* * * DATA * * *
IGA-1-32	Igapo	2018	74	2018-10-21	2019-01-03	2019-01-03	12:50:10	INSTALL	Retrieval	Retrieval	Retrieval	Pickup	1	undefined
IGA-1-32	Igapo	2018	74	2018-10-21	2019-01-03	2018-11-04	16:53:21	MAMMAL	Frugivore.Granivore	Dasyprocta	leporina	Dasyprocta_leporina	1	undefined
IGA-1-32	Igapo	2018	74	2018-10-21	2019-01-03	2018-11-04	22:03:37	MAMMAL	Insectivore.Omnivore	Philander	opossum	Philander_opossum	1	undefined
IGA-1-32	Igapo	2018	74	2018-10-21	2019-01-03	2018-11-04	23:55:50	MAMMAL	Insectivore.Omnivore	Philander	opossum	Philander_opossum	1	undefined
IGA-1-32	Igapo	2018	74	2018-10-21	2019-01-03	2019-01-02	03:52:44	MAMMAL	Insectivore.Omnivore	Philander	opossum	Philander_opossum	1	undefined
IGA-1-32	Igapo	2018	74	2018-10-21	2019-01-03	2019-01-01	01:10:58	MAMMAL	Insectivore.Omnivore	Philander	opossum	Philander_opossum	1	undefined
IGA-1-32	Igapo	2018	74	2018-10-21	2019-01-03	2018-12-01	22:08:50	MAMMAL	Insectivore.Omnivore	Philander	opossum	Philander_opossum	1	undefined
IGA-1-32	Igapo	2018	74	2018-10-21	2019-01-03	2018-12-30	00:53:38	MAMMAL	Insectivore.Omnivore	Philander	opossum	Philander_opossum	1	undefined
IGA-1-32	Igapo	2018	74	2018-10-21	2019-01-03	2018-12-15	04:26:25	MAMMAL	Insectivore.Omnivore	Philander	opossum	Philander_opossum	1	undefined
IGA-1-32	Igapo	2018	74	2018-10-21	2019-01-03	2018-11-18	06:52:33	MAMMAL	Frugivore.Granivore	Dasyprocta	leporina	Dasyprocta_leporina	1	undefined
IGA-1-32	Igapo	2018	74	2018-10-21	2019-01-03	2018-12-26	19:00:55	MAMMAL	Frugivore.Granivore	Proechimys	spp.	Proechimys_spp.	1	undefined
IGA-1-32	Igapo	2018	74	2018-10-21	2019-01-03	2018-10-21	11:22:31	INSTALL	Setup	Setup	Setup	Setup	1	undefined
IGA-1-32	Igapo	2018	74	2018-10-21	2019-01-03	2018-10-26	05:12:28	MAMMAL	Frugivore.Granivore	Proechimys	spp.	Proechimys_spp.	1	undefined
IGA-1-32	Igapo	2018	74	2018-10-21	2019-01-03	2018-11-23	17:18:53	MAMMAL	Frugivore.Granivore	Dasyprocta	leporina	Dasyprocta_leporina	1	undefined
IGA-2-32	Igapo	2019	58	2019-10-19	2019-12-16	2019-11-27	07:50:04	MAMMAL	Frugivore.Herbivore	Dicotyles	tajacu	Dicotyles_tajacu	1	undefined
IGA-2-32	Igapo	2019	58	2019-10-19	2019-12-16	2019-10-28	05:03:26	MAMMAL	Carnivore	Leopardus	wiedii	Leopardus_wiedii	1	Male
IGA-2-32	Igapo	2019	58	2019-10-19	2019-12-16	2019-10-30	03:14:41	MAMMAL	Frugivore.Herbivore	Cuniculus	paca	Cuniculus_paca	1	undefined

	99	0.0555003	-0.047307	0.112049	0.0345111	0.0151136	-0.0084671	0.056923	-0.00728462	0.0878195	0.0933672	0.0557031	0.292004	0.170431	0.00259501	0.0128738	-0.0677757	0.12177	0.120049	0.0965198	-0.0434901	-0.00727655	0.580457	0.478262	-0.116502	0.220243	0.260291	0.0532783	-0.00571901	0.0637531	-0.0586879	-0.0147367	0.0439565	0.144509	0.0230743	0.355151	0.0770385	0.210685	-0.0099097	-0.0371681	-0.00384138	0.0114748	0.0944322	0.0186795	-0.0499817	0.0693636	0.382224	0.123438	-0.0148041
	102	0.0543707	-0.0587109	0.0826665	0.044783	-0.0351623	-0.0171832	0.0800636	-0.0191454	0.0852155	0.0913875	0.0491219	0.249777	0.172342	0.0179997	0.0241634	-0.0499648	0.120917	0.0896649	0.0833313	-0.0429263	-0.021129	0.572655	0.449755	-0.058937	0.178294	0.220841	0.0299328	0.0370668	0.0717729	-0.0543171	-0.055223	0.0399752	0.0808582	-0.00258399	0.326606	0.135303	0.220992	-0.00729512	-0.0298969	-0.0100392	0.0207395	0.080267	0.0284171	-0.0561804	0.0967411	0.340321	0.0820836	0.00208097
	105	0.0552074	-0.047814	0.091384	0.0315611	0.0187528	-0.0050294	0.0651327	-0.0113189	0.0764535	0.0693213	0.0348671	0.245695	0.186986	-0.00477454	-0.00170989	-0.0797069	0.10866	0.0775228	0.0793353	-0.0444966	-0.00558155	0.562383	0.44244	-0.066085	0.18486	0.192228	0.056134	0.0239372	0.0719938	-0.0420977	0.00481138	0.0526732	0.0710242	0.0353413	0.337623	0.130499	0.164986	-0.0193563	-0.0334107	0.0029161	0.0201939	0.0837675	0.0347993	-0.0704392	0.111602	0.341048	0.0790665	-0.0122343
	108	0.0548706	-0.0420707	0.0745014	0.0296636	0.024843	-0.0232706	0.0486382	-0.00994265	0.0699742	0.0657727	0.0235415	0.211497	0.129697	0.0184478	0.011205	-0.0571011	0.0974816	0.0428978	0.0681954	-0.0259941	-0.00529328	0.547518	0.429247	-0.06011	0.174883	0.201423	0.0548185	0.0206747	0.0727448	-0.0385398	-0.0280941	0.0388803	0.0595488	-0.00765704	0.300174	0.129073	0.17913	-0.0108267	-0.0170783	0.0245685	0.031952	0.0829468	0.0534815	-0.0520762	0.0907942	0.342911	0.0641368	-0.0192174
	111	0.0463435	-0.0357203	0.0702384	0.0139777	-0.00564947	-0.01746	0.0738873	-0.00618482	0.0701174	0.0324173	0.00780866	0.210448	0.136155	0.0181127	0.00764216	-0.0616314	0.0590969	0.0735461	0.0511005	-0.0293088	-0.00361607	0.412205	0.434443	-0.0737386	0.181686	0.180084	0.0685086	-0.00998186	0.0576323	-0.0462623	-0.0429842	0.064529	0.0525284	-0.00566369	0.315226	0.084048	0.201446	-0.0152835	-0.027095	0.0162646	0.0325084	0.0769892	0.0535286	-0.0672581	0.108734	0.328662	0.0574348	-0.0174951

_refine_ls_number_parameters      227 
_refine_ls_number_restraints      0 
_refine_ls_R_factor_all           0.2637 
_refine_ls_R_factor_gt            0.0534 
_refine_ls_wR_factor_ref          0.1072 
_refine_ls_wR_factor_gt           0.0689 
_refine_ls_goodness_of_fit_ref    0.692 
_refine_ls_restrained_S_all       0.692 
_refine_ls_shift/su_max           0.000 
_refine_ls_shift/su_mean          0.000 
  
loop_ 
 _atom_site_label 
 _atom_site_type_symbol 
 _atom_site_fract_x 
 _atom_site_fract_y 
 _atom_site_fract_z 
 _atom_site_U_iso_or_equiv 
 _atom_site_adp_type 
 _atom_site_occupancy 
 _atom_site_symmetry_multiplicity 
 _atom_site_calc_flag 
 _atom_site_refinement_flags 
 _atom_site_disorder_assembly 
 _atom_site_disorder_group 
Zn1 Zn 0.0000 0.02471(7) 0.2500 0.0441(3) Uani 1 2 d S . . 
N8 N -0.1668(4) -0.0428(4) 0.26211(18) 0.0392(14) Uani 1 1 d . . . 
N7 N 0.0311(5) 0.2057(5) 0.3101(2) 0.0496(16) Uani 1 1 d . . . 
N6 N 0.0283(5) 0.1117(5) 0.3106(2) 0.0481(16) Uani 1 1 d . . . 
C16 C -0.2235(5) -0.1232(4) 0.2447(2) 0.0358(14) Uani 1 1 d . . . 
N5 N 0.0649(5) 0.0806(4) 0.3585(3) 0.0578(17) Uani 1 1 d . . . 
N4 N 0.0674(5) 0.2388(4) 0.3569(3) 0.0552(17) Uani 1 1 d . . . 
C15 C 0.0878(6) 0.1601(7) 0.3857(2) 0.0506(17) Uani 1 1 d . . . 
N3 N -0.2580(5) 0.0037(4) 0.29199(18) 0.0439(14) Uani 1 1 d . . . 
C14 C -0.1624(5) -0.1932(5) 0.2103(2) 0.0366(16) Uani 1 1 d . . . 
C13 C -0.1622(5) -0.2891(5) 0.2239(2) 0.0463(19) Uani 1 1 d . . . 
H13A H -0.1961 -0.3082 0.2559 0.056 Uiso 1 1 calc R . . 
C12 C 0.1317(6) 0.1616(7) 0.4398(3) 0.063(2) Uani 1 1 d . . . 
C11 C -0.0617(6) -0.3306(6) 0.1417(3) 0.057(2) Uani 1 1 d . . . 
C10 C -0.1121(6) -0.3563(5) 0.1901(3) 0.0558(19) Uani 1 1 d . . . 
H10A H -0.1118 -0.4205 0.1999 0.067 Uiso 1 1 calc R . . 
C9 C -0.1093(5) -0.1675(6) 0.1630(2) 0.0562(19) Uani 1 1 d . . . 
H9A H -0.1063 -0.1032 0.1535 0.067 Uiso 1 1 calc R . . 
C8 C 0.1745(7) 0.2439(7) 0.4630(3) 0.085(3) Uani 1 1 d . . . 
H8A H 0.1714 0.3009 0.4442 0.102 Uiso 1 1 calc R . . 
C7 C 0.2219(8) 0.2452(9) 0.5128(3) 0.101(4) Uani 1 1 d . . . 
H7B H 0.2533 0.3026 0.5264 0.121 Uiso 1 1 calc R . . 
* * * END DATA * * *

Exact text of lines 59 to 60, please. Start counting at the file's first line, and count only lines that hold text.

C12 C 0.1317(6) 0.1616(7) 0.4398(3) 0.063(2) Uani 1 1 d . . . 
C11 C -0.0617(6) -0.3306(6) 0.1417(3) 0.057(2) Uani 1 1 d . . . 